- If object $x$ is equal to object $y$, return 0.

In addition to returning the correct number, comparators should also satisfy the following conditions:

- The function must be consistent with respect to reversing the order of the arguments: if
`compare(x, y)`

is positive, then`compare(y, x)`

should be negative and vice versa. - The function must be transitive. If
`compare(x, y) > 0`

and`compare(y, z) > 0`

, then`compare(x, z) > 0`

. Same applies if the compare functions return negative numbers. - Equality must be consistent. If
`compare(x, y) = 0`

, then`compare(x, z)`

and`compare(y, z)`

must both be positive, both negative, or both zero. Note that they don't have to be equal, they just need to have the same sign.

Java has default functions for comparing `int`

, `long`

, `double`

types. The
`Integer.compare()`

, `Long.compare()`

, and `Double.compare()`

functions take two
arguments $x$ and $y$ and compare them as described above.

There are two ways of implementing this in Java: `Comparable`

, and `Comparator`

.
They essentially serve the same purpose, but `Comparable`

is generally easier
and shorter to code. `Comparable`

is a function implemented within the class
containing the custom object, while `Comparator`

is its own class.

### Method 1 - Comparable

We'll need to put `implements Comparable<Edge>`

into the heading of the class.
Furthermore, we'll need to implement the `compareTo`

method. Essentially,
`compareTo(x)`

is the `compare`

function that we described above, with the
object itself as the first argument, or `compare(self, x)`

.

When using Comparable, we can just call `Arrays.sort(arr)`

or
`Collections.sort(list)`

on the array or list as usual.

import java.util.*;public class Sol {static class Edge implements Comparable<Edge> {int a, b, w;public Edge(int _a, int _b, int _w) {a = _a;b = _b;w = _w;}

### Method 2 - Comparator

If instead we choose to use `Comparator`

, we'll need to declare a second class
that implements `Comparator<Edge>`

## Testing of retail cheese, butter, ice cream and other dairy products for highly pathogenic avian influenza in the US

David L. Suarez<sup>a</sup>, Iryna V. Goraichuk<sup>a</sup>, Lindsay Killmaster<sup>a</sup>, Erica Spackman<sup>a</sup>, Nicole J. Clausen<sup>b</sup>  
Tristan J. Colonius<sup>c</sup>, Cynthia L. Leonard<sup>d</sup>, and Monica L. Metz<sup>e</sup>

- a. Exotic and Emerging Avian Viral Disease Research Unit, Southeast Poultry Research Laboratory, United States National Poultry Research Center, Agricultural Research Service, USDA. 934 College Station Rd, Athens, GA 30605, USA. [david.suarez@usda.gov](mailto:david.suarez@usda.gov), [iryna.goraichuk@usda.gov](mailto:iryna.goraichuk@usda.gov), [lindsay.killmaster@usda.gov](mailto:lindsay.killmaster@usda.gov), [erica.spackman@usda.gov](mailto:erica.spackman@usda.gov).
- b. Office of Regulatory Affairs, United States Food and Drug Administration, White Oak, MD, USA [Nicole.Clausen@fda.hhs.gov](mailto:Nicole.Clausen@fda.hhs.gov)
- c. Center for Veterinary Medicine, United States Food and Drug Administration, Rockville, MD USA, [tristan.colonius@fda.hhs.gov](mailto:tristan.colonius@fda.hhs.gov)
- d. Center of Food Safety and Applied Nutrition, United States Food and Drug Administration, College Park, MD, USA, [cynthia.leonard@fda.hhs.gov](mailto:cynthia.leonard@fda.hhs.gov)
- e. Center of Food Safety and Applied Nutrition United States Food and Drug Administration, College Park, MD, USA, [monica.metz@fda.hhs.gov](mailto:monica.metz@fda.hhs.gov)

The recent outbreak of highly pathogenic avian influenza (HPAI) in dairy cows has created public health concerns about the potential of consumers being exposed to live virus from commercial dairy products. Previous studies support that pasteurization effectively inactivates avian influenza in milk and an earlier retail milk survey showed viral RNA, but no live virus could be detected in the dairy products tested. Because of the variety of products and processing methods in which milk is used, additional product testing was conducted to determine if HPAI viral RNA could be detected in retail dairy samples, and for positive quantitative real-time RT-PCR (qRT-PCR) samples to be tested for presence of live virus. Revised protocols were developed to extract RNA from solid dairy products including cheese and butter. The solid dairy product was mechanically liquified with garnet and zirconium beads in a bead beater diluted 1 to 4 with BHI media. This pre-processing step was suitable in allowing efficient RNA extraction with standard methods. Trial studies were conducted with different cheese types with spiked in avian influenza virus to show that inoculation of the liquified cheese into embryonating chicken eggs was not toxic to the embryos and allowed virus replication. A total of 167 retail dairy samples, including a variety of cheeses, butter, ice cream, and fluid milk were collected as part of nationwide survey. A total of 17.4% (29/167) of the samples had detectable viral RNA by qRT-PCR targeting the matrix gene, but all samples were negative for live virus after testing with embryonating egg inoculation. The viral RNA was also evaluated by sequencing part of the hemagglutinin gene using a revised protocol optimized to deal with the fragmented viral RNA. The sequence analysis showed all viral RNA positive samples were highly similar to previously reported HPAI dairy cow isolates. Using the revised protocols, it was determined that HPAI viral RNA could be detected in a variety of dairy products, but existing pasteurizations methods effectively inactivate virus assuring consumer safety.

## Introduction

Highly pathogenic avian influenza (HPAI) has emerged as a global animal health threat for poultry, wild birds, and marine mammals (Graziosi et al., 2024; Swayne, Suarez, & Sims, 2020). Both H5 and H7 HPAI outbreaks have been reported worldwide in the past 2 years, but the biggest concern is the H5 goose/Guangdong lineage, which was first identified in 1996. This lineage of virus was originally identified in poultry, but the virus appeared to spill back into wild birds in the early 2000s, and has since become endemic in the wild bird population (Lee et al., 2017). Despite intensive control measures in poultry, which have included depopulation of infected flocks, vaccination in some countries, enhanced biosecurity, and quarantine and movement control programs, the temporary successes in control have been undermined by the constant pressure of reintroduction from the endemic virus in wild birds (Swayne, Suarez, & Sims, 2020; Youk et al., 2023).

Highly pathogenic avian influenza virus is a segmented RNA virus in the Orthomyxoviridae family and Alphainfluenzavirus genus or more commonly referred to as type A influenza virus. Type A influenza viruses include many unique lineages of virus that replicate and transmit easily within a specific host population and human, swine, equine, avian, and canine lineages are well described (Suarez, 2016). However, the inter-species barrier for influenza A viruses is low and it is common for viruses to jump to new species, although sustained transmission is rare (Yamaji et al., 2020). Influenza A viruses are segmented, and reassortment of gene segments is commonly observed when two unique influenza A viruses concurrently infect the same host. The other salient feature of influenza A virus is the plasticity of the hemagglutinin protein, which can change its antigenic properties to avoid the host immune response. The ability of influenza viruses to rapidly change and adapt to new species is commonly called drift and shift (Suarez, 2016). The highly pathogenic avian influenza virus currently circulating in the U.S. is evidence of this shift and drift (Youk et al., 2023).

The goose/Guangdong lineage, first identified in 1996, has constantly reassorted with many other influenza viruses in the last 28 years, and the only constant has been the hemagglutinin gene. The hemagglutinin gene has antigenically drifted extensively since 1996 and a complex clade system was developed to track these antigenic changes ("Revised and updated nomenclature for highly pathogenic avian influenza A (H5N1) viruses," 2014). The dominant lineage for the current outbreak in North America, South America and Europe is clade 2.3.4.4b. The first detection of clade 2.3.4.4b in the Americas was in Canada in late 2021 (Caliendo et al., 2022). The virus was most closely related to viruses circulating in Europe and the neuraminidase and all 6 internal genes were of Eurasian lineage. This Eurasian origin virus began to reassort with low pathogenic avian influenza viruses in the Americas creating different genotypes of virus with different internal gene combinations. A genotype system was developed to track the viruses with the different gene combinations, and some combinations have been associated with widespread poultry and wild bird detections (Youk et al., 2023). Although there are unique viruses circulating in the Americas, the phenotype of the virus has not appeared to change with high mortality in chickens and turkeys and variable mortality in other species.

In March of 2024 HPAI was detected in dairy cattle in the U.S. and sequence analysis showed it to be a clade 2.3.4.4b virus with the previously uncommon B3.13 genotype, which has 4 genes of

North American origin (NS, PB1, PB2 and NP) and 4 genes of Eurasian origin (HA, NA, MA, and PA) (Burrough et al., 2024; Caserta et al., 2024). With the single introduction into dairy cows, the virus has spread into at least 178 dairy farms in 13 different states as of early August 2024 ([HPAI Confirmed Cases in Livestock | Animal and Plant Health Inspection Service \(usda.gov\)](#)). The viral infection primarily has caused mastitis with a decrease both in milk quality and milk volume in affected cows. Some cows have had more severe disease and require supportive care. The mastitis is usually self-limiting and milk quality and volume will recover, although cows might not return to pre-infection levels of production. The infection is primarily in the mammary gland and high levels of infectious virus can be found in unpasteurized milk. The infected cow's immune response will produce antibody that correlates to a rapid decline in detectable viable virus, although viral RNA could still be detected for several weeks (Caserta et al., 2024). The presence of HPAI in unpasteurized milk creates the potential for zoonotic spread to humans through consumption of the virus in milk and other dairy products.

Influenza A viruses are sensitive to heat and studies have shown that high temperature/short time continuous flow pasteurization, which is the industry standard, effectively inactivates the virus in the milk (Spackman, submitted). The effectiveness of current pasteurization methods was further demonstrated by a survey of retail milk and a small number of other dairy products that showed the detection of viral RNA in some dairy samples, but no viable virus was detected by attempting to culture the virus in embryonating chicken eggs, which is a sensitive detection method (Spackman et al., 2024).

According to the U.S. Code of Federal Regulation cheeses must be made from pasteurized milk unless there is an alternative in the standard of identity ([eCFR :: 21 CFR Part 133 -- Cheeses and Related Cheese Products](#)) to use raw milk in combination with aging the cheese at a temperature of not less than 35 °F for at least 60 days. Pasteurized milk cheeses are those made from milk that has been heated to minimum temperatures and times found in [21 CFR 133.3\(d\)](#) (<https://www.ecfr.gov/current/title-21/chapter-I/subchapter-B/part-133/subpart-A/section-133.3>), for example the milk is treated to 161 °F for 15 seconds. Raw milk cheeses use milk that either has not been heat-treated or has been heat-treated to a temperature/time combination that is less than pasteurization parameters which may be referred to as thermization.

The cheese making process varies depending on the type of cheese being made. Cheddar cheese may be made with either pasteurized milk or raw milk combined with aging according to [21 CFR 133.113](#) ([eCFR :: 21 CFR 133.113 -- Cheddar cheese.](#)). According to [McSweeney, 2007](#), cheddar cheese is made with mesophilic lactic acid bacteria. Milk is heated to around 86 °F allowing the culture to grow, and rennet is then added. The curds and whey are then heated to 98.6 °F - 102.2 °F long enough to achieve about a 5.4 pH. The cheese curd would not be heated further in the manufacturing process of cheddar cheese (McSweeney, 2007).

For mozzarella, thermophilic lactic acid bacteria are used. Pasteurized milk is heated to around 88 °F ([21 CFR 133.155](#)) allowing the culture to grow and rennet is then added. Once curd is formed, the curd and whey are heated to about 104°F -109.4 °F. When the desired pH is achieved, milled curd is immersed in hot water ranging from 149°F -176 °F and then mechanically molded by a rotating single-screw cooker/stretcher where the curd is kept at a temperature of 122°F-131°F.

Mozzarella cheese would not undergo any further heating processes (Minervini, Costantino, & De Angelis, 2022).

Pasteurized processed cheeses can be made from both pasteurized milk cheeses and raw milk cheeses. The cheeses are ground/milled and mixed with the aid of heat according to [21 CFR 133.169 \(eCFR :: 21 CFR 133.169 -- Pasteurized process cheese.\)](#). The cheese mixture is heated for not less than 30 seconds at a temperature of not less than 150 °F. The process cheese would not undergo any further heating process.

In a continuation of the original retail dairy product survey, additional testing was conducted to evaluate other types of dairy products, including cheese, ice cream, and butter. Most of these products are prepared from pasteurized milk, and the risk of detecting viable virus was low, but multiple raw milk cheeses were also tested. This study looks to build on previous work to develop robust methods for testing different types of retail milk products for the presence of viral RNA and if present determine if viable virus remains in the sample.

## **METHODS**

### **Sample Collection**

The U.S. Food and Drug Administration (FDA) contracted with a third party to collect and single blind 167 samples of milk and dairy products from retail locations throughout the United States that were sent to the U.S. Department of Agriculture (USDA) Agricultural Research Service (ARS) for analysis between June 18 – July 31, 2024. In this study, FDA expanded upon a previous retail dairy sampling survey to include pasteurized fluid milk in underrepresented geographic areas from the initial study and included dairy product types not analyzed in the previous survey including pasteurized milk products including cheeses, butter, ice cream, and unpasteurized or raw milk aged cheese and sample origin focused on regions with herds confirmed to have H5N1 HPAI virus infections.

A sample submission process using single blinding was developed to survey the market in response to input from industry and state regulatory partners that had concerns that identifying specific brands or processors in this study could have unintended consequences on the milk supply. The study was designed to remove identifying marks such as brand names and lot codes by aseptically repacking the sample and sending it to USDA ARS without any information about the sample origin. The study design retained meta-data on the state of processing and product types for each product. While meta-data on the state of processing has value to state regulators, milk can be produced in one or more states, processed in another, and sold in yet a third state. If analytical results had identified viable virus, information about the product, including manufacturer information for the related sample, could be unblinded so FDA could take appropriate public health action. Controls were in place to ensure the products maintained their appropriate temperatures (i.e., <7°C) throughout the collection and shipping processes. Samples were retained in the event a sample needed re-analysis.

:

import java.util.*;public class Sol {static class Edge {int a, b, w;public Edge(int _a, int _b, int _w) {a = _a;b = _b;w = _w;}

When using `Comparator`

, the syntax for using the built-in sorting function
requires a second argument: `Arrays.sort(arr, new Comp())`

, or
`Collections.sort(list, new Comp())`

.

Python

### Defining Less Than Operator

class Edge:def __init__(self, a, b, w):self.a = aself.b = bself.w = wdef __lt__(self, other): # lt means less thanreturn self.w < other.w

### Key Function

This method maps an object to another comparable datatype with which to be sorted. This is the preferred method if you are only sorting something once. In this case we map edges to their weights.

class Edge:def __init__(self, a, b, w):self.a = aself.b = bself.w = wv = []M = 4for i in range(M):a, b, w = map(int, input().split())v.append(Edge(a, b, w))v.sort(key=lambda x: x.w)for e in v:print(e.a, e.b, e.w)

### Comparison Function

A comparison function in Python must satisfy the same properties as a comparator
in Java. Note that old-style cmp functions are
no longer supported,
so the comparison function must be converted into a key function with
`cmp_to_key`

. Most of the
time, it is better to use the key function, but in the rare case that the
comparison function is not easily represented as a key function, we can use
this.

from functools import cmp_to_keyclass Edge:def __init__(self, a, b, w):self.a = aself.b = bself.w = w

## Variations

### Sorting in Decreasing Order of Weight

We can replace all occurrences of `x.w < y.w`

with `x.w > y.w`

in our C++ code.
Similarly, we can replace all occurrences of `Integer.compare(x, y)`

with
`-Integer.compare(x, y)`

in our Java code. In Python, we can pass the parameter
`reverse=True`

to the `sort`

or `sorted`

function.

### Sorting by Two Criteria

Now, suppose we wanted to sort a list of `Edge`

s in ascending order, primarily
by weight and secondarily by first vertex (`a`

). We can do this quite similarly
to how we handled sorting by one criterion earlier. What the comparator function
needs to do is to compare the weights if the weights are not equal, and
otherwise compare first vertices.

C++

struct Edge {int a, b, w;bool operator<(const Edge &y) {if (w != y.w) return w < y.w;return a < y.a;}};

Java

static class Edge implements Comparable<Edge> {int a, b, w;public Edge(int _a, int _b, int _w) {a = _a;b = _b;w = _w;}public int compareTo(Edge y) {if (w != y.w) return Integer.compare(w, y.w);return Integer.compare(a, y.a);}}

Python

In Python, tuples have a natural order based on their elements in order. We can take advantage of this to write a comparator:

class Edge:def __init__(self, a, b, w):self.a = aself.b = bself.w = wdef __lt__(self, other): # lt means less thanreturn (self.w, self.a) < (other.w, other.a)

This also gives an easy way to write a key function to sort in this way:

edges: list[Edge]edges.sort(key=lambda edge: (edge.w, edge.a))

Sorting by an arbitrary number of criteria is done similarly.

C++

Java

With Java, we can implement a comparator for arrays of arbitrary length (although this might be more confusing than creating a separate class).

import java.util.*;public class Sol {static class Comp implements Comparator<int[]> {public int compare(int[] a, int[] b) {for (int i = 0; i < a.length; ++i)if (a[i] != b[i]) return Integer.compare(a[i], b[i]);return 0;}}

Python